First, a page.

6. Hollister. The teen equivalent of a swanky club that everyone wants to get into but nobody really knows why. It’s dark, the music is blaring, it reeks of cheap cologne, and you are surrounded by people who are much cooler than you. All that’s missing is a bouncer at the door. Within two minutes of entering, you lose the people you came with and are roaming around by yourself. Without a doubt you are going to make bad decisions here and the next day you’re bound to regret what you brought home. Who wants to do a shot?

7. Mini Golf. This is the family activity that looks good from afar but is far from good. Inevitably you will find yourself behind a family of 10 who thinks they are on the PGA tour. As Uncle Tim works on his perfect form, your 8 and 6 year old are using their clubs as swords and wading in the toxic river near the windmill. You manage to muster up optimism as you tee off at each hole, but without fail your child launches the ball like a rocket and then follows up with 55 futile whacks before picking up the ball and dropping it in the hole while your other child berates him for simultaneously sucking AND cheating. Repeat 18 times. Mini golf would benefit from mini bar.

8. 8:30 am Pee Wee Soccer Games. Sure it’s early, but that’s really the point. After rolling out of bed at 7am, arguing with a 4 year old about why shin guards are important (after explaining what a “shin” is in the first place), stuffing their chubby little feet into cleats that are as narrow as Barbie shoes and racing off to an all important 3-4 year old co-ed soccer “game”, most parents look stressed and exhausted by their 8:29 arrival. How amazing would it be to sip a mimosa or bloody mary while watching little Grace and Hannah run their little hearts out on the field? It might even lead to some fun adult drinking games where parents drink every time a child runs off the field crying or scores on their own team.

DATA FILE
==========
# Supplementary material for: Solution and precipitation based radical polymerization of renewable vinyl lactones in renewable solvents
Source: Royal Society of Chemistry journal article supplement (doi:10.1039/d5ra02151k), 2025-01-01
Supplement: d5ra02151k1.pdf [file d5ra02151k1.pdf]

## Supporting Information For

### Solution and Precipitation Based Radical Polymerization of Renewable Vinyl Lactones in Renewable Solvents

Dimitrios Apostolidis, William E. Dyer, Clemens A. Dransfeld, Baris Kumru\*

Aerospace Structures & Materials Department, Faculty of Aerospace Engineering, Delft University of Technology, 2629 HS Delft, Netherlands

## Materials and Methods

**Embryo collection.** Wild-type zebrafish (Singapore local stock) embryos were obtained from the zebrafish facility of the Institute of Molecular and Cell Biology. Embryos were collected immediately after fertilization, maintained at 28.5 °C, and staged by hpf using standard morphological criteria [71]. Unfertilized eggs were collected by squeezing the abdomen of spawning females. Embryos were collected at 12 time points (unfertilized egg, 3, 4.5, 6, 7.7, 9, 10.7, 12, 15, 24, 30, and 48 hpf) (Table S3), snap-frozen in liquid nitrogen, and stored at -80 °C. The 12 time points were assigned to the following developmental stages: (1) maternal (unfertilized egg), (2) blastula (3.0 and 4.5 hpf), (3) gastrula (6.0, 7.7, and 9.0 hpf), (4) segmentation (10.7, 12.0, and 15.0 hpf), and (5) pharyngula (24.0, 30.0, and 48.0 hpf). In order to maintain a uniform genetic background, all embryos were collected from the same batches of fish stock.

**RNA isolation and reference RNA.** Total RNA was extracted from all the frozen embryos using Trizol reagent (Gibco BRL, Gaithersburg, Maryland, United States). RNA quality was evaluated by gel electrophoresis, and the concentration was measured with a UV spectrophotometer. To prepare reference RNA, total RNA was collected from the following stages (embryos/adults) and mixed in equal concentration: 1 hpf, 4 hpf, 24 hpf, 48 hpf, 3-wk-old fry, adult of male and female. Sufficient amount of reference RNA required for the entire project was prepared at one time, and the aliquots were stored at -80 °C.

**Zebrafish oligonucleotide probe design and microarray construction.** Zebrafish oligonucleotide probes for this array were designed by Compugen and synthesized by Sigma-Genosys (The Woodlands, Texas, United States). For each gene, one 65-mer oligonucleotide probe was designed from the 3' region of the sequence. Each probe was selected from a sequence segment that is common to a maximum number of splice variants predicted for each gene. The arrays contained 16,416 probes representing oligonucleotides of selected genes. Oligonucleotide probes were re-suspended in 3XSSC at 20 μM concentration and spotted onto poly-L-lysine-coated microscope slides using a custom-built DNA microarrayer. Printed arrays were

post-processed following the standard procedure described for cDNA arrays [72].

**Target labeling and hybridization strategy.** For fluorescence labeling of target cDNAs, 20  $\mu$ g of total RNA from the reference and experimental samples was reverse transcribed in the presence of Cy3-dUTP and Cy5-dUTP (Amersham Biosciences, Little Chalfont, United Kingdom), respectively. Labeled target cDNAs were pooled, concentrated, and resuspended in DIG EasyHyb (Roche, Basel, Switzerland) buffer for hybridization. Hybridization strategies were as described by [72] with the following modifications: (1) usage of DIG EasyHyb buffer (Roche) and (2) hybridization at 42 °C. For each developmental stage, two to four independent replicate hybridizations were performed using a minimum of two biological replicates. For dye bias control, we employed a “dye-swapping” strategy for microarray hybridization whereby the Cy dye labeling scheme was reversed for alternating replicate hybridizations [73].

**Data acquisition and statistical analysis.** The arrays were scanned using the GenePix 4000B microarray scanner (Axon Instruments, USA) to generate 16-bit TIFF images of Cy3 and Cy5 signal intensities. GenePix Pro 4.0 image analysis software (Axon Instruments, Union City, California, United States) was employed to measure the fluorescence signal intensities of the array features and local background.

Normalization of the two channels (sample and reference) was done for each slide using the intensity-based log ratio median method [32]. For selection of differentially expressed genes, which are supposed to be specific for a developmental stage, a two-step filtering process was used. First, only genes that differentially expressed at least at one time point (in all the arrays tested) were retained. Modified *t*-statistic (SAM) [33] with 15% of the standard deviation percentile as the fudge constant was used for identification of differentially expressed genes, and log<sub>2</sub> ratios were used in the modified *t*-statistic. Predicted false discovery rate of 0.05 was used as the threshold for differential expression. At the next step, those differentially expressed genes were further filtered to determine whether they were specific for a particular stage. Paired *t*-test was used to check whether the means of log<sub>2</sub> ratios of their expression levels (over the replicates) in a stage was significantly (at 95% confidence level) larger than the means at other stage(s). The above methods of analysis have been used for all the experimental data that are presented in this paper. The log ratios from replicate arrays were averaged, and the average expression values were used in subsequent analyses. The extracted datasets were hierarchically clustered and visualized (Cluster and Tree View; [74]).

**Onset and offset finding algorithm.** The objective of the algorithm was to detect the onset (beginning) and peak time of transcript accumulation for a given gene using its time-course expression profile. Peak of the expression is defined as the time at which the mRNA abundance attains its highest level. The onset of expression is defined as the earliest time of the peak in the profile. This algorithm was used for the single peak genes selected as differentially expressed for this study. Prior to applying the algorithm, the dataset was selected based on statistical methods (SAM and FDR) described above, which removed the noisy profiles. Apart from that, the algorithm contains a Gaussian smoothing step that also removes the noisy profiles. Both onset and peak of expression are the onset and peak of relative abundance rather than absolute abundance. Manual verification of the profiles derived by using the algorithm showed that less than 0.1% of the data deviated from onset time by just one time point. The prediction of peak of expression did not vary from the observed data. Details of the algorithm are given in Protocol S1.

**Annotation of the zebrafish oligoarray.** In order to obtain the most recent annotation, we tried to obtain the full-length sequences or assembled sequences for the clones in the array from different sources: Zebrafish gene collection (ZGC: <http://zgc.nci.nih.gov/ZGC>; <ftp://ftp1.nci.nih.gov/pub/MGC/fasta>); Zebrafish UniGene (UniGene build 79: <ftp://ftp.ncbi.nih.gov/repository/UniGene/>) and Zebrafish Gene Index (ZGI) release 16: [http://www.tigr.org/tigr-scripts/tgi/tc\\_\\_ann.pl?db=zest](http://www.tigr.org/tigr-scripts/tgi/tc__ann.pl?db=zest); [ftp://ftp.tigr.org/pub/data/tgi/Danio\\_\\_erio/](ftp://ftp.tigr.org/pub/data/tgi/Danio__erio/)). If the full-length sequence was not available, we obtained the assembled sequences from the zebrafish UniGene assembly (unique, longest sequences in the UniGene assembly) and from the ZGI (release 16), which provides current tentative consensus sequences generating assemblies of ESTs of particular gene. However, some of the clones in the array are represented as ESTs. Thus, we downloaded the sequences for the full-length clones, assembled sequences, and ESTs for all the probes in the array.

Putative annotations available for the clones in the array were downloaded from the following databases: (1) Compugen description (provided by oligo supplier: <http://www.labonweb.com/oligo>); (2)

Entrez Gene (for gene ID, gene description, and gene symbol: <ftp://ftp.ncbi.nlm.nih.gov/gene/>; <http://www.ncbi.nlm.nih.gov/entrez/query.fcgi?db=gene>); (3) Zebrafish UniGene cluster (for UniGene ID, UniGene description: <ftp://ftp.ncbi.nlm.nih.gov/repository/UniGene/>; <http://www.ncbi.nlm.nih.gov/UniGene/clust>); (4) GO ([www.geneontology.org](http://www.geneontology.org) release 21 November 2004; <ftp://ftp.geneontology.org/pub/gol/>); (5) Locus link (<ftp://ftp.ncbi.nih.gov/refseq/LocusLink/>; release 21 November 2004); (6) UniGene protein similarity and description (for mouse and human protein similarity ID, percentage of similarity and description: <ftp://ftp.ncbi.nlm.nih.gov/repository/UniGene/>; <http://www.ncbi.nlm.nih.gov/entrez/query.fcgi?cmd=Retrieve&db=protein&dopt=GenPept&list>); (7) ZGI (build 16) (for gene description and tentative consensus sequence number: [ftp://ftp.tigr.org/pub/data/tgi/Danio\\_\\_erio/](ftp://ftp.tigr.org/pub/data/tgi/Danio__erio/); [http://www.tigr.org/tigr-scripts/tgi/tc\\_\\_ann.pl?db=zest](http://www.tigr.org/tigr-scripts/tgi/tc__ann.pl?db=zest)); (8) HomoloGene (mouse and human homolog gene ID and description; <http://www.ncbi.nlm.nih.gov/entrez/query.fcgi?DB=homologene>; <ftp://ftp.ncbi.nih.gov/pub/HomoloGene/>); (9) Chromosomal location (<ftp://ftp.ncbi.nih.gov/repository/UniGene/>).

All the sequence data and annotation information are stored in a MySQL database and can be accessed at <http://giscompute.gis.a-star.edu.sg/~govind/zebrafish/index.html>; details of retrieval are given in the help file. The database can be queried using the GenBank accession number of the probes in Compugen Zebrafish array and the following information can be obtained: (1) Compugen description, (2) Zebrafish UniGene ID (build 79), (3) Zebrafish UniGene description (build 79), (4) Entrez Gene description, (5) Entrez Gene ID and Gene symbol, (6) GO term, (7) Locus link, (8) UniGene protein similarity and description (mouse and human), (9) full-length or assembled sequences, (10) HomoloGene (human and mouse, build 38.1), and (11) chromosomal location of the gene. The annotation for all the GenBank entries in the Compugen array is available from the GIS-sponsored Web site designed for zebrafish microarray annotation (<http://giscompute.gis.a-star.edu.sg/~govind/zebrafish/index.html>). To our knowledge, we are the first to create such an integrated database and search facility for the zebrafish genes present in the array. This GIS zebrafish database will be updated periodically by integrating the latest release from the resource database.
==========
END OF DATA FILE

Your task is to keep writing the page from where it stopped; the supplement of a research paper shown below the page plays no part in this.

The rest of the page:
9. Disney World. Any place where people end up crying in the bathroom automatically deserves an open bar.

10. Gymboree. This is not really a store as much as a slap-in-the-face reminder of how you thought your life would be when you first had kids, and how miserably you’ve failed at achieving any of that. Remember when you thought your children would be perfectly coordinated from head to toe and would hold hands as they skipped to the playground? A glass of Pinot would help you forget you’ve completely screwed as a mom, on every level. Oh, and by the way, you’ll never be able to master a dumb ass French braid. Even better, an open bar would increase the chances that the mom shopping with mini Kate Upton might get buzzed and trip on an alligator themed rain boot. Not that I would want that…

11. The Please Touch Museum. Let’s be honest, these should really be called the “Please Pass the Purell” museum. In the span of 30 minutes your child will morph from a doctor to an airline pilot to a construction worker. Eventually you will find yourself in the “grocery store” where your child will grab the fake apple that the kid picking his nose just put down. Where is the pretend bar so mom can order a pretend mojito?